Match History

Match History
# Result Record Date Opponent Location Time Type Notes
22 LOSS 10-12-0[1] 1999 Japan Unknown[2] Tokyo, Japan ?(10) TKO

Ippo's first match as a second

21 LOSS 10-11-0 1998 Japan Unknown Tokyo, Japan ?(10) N/A N/A
20 LOSS 10-10-0 1998 Japan Unknown Tokyo, Japan ?(10) N/A N/A
19 LOSS 10-9-0 1997 Japan Unknown Tokyo, Japan ?(10) N/A N/A
18 LOSS 10-8-0 1997 Japan Unknown Tokyo, Japan ?(10) N/A N/A
17 LOSS 10-7-0 1997 Japan Unknown Tokyo, Japan ?(10) N/A N/A
16 LOSS 10-6-0 1996 Japan Unknown Tokyo, Japan ?(10) N/A N/A
15 LOSS 10-5-0 1996 Japan Unknown Tokyo, Japan ?(10) N/A N/A
14 LOSS 10-4-0 1995 Japan Unknown Tokyo, Japan ?(10) N/A N/A
13 LOSS 10-3-0 1995 Japan Unknown Tokyo, Japan ?(10) N/A N/A
12 WIN 10-2-0 1995 Japan Unknown Tokyo, Japan ?(10) N/A Comeback Match
11 LOSS 9-2-0 1994 Japan Kobashi Kenta Tokyo, Japan N/A KO JBC Junior Featherweight Title
10 WIN 9-1-0 1994 Japan Unknown Tokyo, Japan ?(10) KO Last match win by KO
9 WIN 8-1-0 1993 Japan Unknown Tokyo, Japan ?(10) KO N/A
8 WIN 7-1-0 1993 Japan Unknown Tokyo, Japan ?(10) KO N/A
7 WIN 6-1-0 1992 Japan Unknown Tokyo, Japan 8(10) KO Comeback Match
6 LOSS 5-1-0 1992 Japan Makunouchi Ippo Tokyo, Japan 1(4), 2:59 KO East Japan Rookie King Tournament Semi-Finals
5 WIN 5-0-0 1992 Japan Yasukawa Kazu Tokyo, Japan 8(10) KO East Japan Rookie King Tournament Quarter-Finals
4 WIN 4-0-0 1991 Japan Seiki Iwakawa Tokyo, Japan 1(4) TKO

East Japan Rookie King Tournament Round 1

3 WIN 3-0-0 1991 Japan Yoshida Mitsuo Tokyo, Japan 3(4), 1:26 KO N/A
2 WIN 2-0-0 1990 Japan Ôno Tokyo, Japan 3(4) KO N/A
1 WIN 1-0-0 1990 Japan Unknown Tokyo, Japan ?(4) KO Debut

Other Matches

Amateur Matches: 56-56-0-0 (43 KO)

VS Yoshida Mitsuo 3R Win by KO (Inter-High Tournaments Finals)

VS Yoshida Mitsuo 3R Win by KO (Inter-High Tournaments Finals)

VS Unknown 3R Win by KO (Inter-High Tournaments Finals)


Hayami is a handsome young man of average height with lightly tanned skin and muscular body. He has black eyes, and short, curly brown hair with a few bangs.


Flamboyant and overconfident, Hayami displays little sense of sportsmanship inside the ring when he is first introduced. He tends to think of some of his opponents as being worthless. He is adored by many female fans, and likewise, he is something of a pretty boy himself. Despite his attitude, he is hard-working and talented.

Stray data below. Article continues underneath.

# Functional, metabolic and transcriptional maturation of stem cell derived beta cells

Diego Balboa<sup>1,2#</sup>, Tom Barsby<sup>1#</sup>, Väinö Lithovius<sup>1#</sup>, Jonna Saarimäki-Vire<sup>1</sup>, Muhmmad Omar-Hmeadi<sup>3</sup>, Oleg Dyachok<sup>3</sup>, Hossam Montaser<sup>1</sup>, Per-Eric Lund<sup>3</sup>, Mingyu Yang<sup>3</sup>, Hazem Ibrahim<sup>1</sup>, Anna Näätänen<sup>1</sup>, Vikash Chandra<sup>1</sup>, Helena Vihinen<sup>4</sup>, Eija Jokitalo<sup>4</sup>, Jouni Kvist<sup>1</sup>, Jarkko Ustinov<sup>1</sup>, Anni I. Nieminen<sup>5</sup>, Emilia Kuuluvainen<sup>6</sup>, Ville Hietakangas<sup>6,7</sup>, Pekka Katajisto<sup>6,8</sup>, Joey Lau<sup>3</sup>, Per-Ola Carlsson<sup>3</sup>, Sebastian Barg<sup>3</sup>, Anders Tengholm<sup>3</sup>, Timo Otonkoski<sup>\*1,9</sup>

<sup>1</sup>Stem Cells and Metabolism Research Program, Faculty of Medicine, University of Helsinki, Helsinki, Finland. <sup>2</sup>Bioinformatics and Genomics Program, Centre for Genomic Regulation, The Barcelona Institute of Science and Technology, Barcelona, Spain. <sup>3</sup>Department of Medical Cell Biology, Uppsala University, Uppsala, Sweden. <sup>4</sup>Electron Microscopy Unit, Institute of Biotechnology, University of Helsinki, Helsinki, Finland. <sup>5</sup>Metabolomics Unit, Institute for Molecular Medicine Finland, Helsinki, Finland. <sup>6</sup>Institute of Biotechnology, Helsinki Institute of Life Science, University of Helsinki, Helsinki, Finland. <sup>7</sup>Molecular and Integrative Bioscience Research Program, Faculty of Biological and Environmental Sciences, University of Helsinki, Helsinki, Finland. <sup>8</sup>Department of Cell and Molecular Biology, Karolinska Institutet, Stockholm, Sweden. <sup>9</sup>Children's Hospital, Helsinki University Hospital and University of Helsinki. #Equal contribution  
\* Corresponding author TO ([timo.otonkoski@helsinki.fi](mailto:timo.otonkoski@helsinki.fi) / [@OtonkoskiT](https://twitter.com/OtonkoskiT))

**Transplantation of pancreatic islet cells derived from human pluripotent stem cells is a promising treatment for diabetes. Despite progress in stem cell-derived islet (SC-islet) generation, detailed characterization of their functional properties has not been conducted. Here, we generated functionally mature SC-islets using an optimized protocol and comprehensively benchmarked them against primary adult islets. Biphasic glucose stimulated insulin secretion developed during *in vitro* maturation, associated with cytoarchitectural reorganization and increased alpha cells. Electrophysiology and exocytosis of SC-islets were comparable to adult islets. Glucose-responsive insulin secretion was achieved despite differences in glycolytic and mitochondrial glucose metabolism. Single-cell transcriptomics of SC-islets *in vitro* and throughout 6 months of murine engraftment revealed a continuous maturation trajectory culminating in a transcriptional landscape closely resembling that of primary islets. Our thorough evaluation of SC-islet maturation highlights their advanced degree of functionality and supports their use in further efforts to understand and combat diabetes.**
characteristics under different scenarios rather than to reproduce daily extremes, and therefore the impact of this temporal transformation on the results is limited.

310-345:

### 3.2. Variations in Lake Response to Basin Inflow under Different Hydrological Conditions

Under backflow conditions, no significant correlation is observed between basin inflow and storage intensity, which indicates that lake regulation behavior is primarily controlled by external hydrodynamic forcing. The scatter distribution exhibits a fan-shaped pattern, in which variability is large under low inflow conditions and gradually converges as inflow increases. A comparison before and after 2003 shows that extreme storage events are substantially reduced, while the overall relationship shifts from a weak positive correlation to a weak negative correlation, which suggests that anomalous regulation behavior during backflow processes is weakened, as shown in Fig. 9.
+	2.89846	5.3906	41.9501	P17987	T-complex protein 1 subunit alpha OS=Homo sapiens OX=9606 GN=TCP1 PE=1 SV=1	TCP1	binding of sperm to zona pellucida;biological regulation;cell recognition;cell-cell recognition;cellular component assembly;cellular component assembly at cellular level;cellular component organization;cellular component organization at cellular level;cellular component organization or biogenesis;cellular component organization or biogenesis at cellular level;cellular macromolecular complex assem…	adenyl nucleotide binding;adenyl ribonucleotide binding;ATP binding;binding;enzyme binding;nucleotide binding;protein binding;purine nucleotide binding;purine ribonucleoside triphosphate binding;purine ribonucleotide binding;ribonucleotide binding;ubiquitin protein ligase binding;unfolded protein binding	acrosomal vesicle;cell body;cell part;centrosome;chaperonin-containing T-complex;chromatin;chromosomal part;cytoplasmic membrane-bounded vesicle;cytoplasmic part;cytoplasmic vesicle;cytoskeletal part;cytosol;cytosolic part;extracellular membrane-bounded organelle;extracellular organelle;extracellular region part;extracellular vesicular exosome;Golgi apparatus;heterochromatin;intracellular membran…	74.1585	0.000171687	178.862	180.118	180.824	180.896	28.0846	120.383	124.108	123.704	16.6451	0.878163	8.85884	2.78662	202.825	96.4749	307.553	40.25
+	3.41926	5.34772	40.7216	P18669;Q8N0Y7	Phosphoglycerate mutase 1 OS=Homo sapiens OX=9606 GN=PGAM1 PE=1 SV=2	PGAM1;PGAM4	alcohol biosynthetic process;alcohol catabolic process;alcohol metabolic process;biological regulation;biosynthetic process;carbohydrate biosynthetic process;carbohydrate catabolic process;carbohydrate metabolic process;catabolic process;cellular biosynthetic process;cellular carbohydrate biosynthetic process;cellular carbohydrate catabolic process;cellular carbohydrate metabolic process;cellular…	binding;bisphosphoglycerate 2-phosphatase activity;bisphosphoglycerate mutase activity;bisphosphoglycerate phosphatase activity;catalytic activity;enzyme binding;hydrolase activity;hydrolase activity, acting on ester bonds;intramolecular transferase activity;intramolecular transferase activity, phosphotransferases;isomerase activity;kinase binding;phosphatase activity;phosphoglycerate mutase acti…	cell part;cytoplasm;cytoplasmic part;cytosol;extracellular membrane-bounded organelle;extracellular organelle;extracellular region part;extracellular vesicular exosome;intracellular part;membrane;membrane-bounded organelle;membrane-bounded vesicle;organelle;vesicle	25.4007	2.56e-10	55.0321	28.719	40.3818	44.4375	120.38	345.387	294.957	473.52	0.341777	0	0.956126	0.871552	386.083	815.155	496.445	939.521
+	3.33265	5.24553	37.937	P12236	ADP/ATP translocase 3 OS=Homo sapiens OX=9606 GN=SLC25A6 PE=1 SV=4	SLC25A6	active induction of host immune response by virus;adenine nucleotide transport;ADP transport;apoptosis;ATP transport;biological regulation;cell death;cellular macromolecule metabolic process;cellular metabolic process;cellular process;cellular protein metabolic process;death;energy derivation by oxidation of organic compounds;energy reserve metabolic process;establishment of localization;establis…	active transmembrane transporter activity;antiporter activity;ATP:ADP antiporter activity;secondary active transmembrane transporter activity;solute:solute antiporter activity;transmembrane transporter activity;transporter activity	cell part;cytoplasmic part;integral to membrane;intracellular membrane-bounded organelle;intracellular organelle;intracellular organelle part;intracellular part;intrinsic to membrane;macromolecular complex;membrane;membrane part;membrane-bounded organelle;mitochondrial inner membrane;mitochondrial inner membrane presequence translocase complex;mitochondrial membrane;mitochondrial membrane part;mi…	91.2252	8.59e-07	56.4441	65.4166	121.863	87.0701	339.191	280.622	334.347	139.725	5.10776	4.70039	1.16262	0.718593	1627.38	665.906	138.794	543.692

Hayami genuinely loves boxing, as he explained during his interview with Fujii. He was planning to be the charismatic hero like Muhammad Ali so that all of Japan would love boxing.


Hayami (17)

Hayami using his Shotgun

Hayami is an out-boxer possessing great punch speed and footwork. He is very skilled, with talent and speed better than Miyata's [3]. Despite being talented, Hayami doesn't slack off and trains very hard, doing even basic training that most boxers with his talent would ignore.

Hayami's strongest weapon is a barrage of high-speed punches called the Shotgun, a technique he had since high school. He also possesses a Short Uppercut that he uses specifically against In-Fighters, often for making an opening for his Shotgun.


Hayami's primary weakness is his glass jaw. After his fight with Ippo, his jaw had received massive damage, turning into a "glass jaw" which ultimately brings his defeat. As seen later, during his 20th match, he falls after being slightly grazed by a punch on his chin. Hayami is also weaker to punches, as all the damage accumulated up throughout his career, it may take a year or two of retirement to recover from the damage.

Another weakness is his cockiness. He lost to Ippo because he tried to challenge Ippo in an in fight, rather than out box him from the start. He changed this attitude during his fight with Kobashi.



  • He shares many similarities with Juza, from Fist of the North Star.
  • According to the Japanese Wiki, Hayami's was modeled after real life boxer Hector Camacho.
  • In the weekly magazine, Chapter 1219, his record was 19 matches, 8 wins and 11 losses. But by the release of Volume 122, it changed to 21 matches, 10 wins and 11 losses, with unknown number of knockouts.


  1. See Trivia point
  2. Round 1220
  3. Hajime no Ippo Chapter 38, page 15